You’ve burned out two shredders in the last year. It’s starting to feel like harassment. But they just keep on coming.
Is this your “reward” for having great credit?
Business Insider reports that credit card companies mail out over 3 billion offers a year. Those numbers are rising.
At this point, you’re just tired of shredding. Or maybe you’re seriously concerned about the number of trees they had to chop down to send you pre-approvals over the years.
Either way, it’s time you learned why you get so many offers for pre-approved credit cards. Once you learn the secret, you can stop this madness once and for all.
Let’s take a look!
How Did You Get into This Mess?
Normally, when you think about a financial mess, you think of loads of debt, late payments and collectors breathing down your neck.
But you’re probably in a different kind of mess. Every day, your mailbox is loaded to exploding with pre-approved credit cards mailings.
18 months no interest. No annual fee. Only 2% on balance transfers. Double rewards on Ubers and restaurants.
Get $200 when you spend $1000 in the first 90 days. You know the stuff.
If you’re getting these kinds of offers, you have very good or excellent credit.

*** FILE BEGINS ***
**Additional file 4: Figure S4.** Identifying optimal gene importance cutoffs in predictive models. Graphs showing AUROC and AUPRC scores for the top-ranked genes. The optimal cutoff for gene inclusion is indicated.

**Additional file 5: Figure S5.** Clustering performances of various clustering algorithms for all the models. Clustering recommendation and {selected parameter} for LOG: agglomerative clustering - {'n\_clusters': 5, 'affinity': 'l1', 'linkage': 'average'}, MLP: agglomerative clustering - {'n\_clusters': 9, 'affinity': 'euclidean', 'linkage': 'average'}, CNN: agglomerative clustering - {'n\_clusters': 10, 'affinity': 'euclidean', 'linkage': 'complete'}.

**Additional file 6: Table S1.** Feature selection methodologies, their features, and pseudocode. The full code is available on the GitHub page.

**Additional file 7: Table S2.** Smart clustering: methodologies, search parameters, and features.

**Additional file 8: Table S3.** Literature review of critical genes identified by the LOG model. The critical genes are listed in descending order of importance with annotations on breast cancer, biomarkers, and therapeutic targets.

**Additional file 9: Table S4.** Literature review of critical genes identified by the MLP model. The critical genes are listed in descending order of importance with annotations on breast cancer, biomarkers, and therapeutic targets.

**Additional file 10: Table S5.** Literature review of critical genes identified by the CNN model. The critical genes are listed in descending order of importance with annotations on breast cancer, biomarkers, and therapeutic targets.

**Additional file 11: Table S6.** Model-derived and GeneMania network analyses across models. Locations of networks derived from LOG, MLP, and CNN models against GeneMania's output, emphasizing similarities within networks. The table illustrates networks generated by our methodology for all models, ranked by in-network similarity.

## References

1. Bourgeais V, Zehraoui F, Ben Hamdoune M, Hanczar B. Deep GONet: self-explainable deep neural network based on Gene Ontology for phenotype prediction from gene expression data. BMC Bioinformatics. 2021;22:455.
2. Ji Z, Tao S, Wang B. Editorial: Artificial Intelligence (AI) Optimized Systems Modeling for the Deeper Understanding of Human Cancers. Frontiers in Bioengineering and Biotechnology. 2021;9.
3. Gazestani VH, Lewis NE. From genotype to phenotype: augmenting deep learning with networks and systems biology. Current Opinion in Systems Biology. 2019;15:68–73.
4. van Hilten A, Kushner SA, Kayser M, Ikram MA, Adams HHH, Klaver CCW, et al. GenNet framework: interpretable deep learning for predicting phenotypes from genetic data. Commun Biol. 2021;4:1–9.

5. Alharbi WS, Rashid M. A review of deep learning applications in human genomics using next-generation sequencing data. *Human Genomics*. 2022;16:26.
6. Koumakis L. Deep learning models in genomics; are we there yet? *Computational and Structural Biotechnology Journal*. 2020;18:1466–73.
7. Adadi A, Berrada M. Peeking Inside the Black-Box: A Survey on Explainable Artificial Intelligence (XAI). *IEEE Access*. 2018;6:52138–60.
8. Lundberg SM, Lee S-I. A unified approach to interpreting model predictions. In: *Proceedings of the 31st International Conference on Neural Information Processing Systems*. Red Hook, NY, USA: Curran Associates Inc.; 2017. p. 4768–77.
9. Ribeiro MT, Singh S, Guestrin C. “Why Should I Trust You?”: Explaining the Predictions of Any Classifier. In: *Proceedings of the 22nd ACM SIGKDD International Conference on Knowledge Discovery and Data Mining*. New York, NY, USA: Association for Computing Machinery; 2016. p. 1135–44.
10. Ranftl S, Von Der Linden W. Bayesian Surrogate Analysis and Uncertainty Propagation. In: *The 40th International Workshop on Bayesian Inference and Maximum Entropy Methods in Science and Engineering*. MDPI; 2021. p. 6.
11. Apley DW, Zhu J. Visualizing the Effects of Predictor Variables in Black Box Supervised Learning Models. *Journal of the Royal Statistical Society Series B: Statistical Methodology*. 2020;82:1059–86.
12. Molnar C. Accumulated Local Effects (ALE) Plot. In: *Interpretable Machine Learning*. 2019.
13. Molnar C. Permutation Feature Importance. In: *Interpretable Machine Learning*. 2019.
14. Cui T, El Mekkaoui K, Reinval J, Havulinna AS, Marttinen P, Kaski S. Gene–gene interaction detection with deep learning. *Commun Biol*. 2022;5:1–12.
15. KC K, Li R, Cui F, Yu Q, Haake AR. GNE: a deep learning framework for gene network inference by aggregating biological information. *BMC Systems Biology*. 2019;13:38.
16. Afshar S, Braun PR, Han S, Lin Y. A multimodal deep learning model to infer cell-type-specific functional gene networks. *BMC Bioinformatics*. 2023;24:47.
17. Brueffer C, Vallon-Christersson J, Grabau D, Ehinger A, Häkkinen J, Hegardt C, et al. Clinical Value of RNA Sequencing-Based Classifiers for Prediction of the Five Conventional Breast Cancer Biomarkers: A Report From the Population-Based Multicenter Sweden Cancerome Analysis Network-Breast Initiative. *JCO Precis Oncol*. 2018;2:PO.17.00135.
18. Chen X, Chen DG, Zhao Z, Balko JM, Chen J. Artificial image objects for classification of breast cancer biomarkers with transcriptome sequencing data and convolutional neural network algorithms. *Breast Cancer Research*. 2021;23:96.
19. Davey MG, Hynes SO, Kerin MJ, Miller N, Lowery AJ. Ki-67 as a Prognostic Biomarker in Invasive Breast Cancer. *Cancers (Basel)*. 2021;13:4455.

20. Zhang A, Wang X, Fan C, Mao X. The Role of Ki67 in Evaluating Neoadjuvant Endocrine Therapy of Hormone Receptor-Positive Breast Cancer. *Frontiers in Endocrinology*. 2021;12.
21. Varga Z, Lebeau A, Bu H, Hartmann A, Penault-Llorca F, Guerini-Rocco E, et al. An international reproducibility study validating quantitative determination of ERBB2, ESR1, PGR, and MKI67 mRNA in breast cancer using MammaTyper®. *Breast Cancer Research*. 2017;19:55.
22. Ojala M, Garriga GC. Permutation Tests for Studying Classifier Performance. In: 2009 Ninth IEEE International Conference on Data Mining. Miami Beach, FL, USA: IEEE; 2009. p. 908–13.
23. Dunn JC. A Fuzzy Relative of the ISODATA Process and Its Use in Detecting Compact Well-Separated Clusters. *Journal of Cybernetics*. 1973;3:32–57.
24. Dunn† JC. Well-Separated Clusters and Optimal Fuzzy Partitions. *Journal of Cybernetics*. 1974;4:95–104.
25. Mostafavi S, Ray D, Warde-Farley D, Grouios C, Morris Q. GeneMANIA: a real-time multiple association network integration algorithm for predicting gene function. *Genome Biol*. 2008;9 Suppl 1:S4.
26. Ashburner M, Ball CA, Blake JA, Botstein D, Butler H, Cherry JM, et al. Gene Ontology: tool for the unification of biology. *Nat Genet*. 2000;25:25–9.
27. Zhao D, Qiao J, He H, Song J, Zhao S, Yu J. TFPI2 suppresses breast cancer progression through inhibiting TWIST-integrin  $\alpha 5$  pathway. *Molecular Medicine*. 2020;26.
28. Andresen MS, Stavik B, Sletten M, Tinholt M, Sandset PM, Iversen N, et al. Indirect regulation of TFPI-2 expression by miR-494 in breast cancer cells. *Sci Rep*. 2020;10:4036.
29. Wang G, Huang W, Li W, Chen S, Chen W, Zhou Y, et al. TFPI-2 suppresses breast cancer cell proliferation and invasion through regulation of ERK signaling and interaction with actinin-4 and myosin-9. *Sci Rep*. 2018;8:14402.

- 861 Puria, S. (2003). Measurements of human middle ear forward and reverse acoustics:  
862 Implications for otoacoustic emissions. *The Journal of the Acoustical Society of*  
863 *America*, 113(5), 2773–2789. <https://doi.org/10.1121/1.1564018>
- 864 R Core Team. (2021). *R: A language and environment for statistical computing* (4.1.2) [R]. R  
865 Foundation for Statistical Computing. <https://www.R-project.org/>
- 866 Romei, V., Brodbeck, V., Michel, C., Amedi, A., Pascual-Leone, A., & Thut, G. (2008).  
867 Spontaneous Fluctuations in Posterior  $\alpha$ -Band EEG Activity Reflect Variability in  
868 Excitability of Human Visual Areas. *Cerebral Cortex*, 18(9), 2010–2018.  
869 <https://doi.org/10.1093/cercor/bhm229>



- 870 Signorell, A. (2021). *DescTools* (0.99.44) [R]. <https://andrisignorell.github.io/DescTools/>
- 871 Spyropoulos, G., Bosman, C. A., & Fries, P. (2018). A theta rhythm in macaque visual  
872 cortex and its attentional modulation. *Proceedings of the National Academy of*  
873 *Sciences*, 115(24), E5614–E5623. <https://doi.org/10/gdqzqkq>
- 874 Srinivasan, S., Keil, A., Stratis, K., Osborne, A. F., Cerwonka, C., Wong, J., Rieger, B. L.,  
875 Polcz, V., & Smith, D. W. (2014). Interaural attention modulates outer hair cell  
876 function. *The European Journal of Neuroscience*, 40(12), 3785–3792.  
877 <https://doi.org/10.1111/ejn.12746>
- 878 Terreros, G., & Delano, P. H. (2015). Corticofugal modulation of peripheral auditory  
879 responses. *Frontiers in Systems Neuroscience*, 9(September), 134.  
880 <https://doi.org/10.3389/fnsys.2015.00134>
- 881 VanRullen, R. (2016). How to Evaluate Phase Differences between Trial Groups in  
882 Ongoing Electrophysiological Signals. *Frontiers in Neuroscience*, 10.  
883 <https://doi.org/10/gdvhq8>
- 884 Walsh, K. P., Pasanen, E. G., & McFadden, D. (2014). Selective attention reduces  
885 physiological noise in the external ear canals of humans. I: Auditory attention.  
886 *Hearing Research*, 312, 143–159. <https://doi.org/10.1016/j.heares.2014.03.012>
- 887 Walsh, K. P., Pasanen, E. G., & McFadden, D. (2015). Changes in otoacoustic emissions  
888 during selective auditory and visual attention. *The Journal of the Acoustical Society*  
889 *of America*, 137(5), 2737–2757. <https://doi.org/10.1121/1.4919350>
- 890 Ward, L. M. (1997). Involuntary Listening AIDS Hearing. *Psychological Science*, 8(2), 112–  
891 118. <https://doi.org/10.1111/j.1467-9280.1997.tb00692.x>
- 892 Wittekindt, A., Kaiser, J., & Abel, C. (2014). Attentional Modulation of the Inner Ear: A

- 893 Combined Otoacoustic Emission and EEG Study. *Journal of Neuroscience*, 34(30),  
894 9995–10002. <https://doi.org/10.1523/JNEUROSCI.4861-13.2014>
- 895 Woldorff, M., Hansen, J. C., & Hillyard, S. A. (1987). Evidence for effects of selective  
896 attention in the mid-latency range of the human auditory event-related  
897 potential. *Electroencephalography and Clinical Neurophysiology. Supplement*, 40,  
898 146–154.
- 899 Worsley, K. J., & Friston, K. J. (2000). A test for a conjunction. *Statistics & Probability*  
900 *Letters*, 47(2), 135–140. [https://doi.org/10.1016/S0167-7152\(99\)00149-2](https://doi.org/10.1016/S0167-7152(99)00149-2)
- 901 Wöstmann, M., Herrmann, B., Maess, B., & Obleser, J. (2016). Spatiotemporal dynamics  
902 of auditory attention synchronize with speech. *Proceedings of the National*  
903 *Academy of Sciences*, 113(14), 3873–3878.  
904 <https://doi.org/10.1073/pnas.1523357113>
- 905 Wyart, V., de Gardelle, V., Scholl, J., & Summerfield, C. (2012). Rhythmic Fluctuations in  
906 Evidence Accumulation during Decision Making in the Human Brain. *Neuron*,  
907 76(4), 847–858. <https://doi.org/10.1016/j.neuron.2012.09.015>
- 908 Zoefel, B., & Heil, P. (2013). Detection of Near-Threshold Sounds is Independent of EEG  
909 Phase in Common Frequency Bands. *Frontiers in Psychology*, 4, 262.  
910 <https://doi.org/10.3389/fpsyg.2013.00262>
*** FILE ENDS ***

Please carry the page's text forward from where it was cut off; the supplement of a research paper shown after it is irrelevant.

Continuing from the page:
That means you have a 700+ (very good) or a 750+(excellent) credit score also called your FICO score.
This isn’t based on how much money you make or what you have in savings.
You achieved this rare and sought-after status by:
- Establishing credit (loans, credit, etc.)
- Making your payments on time every time
- Keeping your debt to open credit under 30%
- Not over-zealously applying for credit
- Applying these smart habits for 5-7 years
Pat yourself on the back. You’re a cut above. Fewer than 20% of the US population have a FICO like yours.
The average credit score fluctuates, but is around 690 on a scale of 300 to 850. As the average score goes up and down, what lenders consider very good or excellent also changes.
You might also find yourself on the other end of this scale. You may have really bad credit, below a 659. In this case, you may be receiving a different kind of offer:
- Pre-approved credit cards that help rebuild credit
- Consolidation loans
- Small no collateral loans with high interest rates
- Debt relief services
These kinds of offers are often less frequent. But they’re just as annoying.
They become a constant reminder that you are, or were, spending more than you were making. Although, some of them may be helpful as you work to become debt free.
The Pre-Approval Process
Whether you’ve got amazing credit or bad credit, how do these companies find out about your personal financial situation? Why do they target you? Let’s take a look.
The Data-Collection Process
This can happen in two primary ways.
In one instance, you’re already on the company’s radar. You may have submitted a past application or made another inquiry. You may have other accounts with them.